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  • Mar 30th 2015
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Learn how to refer to various soups by name and know what to order from a menu - thin soups, thick soups, potage and veloutés are not the same thing!

Soup categories are dear to people who study the history of gastronomy– whether travelling home or abroad. Every culinary tradition has its own rules and definitions and it’s a good idea to know what they are.

Soup or potage

The word soup has the same meaning in all European languages and derives from the Gothic word, suppa, which refers to a slice of bread that is placed in a bowl before broth is poured over it. It is the most widespread form of soup and the most generic term to define it, covering such dishes as ribollita toscana, cabbage borscht, French soupe à l’oignon and fish soup or harira, which is prepared in many Arab countries.

In Italian, minestra means a soup containing pasta or rice, but never bread, and minestrone is a very thick soup. The term is said to have originated with the discovery of the New World and the introduction of vegetables such as potatoes and beans, which did not exist in Europe before this period.

In France, the word potage means a thick, rich soup that is either processed through a food mill or contains cut-up vegetables, sometimes with pasta added. The ingredients are all cooked together in the same pot, from which it takes its name.

In the UK, chowder means a chunky soup thickened with flour to which beef, pork or seafood can be added. Clam chowder is very popular in Ireland. This soup also takes its name from the pot in which it is cooked and was once a traditional fisherman’s dish. Corn chowder is now an American classic.

Consommé or broth

These are broth-based soups to which pasta, rice, croutons, eggs or pieces of meat or fish can be added. In addition to the traditional single consommé, made with filtered broth, there is double consommé, which is condensed and clarified. Throughout Asia, broth is served with noodles made with common wheat in China and South-east Asia or with buckwheat, used in Japanese udon.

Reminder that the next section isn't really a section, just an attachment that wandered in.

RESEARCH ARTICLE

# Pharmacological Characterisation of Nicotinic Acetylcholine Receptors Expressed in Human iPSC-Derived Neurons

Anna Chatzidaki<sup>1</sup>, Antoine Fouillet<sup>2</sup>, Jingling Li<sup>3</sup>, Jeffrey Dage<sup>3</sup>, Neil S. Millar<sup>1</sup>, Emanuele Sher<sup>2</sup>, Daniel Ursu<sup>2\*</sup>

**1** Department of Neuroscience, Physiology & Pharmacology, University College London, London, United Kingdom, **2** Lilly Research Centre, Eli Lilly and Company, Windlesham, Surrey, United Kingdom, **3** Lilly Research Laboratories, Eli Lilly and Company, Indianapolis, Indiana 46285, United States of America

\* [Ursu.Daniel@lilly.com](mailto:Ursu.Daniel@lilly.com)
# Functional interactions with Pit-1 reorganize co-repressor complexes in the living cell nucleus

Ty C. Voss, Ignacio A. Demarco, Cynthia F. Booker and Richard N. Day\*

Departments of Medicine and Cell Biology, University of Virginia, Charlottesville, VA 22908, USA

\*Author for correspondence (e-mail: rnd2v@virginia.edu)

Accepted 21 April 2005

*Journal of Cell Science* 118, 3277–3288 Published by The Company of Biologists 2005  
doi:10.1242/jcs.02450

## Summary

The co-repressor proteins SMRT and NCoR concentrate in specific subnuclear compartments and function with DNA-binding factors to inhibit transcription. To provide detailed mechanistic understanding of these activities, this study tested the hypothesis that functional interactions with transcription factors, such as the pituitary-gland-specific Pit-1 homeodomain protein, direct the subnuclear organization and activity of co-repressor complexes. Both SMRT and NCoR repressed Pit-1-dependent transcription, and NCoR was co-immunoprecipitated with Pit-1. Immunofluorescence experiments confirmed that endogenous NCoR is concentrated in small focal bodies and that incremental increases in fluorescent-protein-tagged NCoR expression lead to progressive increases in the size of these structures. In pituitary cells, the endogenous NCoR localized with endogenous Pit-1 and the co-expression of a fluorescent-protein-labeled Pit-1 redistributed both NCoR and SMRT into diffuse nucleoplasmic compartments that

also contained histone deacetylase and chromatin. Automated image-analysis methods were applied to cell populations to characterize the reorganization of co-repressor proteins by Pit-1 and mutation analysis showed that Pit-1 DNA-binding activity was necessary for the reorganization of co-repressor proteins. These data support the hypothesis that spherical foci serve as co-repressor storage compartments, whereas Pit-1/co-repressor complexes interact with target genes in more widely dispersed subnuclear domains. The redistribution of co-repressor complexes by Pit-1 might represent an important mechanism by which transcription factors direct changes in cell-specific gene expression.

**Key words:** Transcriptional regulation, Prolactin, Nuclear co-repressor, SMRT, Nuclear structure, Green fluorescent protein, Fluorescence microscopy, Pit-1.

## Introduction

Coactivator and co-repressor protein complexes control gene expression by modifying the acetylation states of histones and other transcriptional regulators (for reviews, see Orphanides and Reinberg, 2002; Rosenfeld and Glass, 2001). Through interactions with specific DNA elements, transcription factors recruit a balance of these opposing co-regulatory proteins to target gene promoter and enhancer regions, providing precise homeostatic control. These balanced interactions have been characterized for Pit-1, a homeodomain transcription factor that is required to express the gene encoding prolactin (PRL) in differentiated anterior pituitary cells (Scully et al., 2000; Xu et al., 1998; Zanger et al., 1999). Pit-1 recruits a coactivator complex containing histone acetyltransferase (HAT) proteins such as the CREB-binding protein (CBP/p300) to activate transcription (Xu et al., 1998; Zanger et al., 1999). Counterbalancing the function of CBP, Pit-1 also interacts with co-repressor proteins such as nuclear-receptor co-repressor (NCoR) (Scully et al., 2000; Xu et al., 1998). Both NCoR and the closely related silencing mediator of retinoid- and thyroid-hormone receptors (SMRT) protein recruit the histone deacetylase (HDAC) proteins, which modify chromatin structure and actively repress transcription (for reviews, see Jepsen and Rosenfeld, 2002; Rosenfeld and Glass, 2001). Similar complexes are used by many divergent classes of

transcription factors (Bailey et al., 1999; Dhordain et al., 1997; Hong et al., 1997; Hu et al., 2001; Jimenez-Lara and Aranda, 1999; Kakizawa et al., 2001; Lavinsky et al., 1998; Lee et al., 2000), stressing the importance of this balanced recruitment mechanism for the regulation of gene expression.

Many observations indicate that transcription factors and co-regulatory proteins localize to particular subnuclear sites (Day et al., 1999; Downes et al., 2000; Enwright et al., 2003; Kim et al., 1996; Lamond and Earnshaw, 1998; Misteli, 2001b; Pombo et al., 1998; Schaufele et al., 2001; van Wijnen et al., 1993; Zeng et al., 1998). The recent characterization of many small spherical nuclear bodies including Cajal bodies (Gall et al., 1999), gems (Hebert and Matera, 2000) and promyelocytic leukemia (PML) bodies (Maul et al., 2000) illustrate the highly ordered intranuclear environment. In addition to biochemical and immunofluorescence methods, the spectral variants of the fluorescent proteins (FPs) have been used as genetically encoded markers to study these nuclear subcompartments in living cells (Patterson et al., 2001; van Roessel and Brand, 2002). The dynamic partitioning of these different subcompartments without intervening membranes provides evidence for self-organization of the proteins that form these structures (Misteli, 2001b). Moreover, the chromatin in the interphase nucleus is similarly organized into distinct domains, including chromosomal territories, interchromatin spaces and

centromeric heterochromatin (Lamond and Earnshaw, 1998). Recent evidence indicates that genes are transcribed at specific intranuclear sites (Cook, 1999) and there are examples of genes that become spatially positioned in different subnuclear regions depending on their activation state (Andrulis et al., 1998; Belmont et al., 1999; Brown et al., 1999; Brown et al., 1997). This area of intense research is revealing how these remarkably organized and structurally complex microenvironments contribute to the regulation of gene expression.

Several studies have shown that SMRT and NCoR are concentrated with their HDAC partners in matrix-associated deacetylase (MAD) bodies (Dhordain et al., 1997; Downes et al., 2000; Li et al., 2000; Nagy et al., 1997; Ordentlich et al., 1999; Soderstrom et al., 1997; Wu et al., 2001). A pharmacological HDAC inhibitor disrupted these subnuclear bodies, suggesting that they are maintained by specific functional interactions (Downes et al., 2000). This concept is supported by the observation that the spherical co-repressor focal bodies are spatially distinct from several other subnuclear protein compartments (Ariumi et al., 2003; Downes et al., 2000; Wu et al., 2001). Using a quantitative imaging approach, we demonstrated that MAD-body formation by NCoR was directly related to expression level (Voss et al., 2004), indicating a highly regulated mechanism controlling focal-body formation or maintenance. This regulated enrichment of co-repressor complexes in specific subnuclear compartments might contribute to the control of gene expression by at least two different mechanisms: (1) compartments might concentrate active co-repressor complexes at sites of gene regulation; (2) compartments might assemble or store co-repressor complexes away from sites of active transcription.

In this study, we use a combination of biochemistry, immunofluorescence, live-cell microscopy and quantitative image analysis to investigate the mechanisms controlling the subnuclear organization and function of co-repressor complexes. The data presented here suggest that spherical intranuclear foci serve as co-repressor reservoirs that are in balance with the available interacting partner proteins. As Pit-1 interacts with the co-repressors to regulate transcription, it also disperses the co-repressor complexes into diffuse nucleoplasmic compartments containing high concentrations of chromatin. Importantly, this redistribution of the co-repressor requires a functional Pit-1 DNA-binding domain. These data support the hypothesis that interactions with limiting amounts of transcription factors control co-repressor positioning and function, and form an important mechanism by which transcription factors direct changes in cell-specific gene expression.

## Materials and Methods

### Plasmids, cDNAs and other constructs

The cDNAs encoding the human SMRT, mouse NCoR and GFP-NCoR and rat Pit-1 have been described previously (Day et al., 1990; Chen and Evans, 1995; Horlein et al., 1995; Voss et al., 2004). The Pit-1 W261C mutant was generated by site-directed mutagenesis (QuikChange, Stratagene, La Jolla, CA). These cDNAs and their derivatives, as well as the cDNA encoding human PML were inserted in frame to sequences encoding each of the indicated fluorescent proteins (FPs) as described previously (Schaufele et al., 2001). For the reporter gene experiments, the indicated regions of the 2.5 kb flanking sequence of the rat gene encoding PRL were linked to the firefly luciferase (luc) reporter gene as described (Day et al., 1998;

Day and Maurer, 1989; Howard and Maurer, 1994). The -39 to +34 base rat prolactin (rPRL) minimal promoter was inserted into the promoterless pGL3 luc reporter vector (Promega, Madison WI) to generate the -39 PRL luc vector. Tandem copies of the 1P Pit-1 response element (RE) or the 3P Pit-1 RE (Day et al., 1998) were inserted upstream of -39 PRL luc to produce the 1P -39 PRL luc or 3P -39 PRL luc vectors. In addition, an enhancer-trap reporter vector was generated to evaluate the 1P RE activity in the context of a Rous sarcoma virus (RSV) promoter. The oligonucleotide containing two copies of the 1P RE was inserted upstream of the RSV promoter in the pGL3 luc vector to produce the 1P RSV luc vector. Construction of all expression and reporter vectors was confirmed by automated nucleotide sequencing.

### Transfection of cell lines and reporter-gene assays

Scotch broth, despite its name, is a hearty soup with meat, vegetables and barley.

Cream soup or velouté

Vellutata in Italian or velouté in French is a soup that is put through a food mill or processed with a blender or immersion blender and contains vegetables to which egg yolks are added at the end of cooking to bind the flavours and to give the soup a smooth texture. But a word of caution: in France velouté usually means a sauce, such as béarnaise sauce or béchamel, and not a soup.

Creams or cream soup are preparations where the ingredients, reduced to a purée, are bound by a flour roux and milk or broth. For cold leak and potato vichyssoise, vegetables, broth and cream – without the flour – are used.

Passato di verdure, a soup that is put through a food mill, is a combination of vegetables with no pasta or rice and reduced to a runny purée.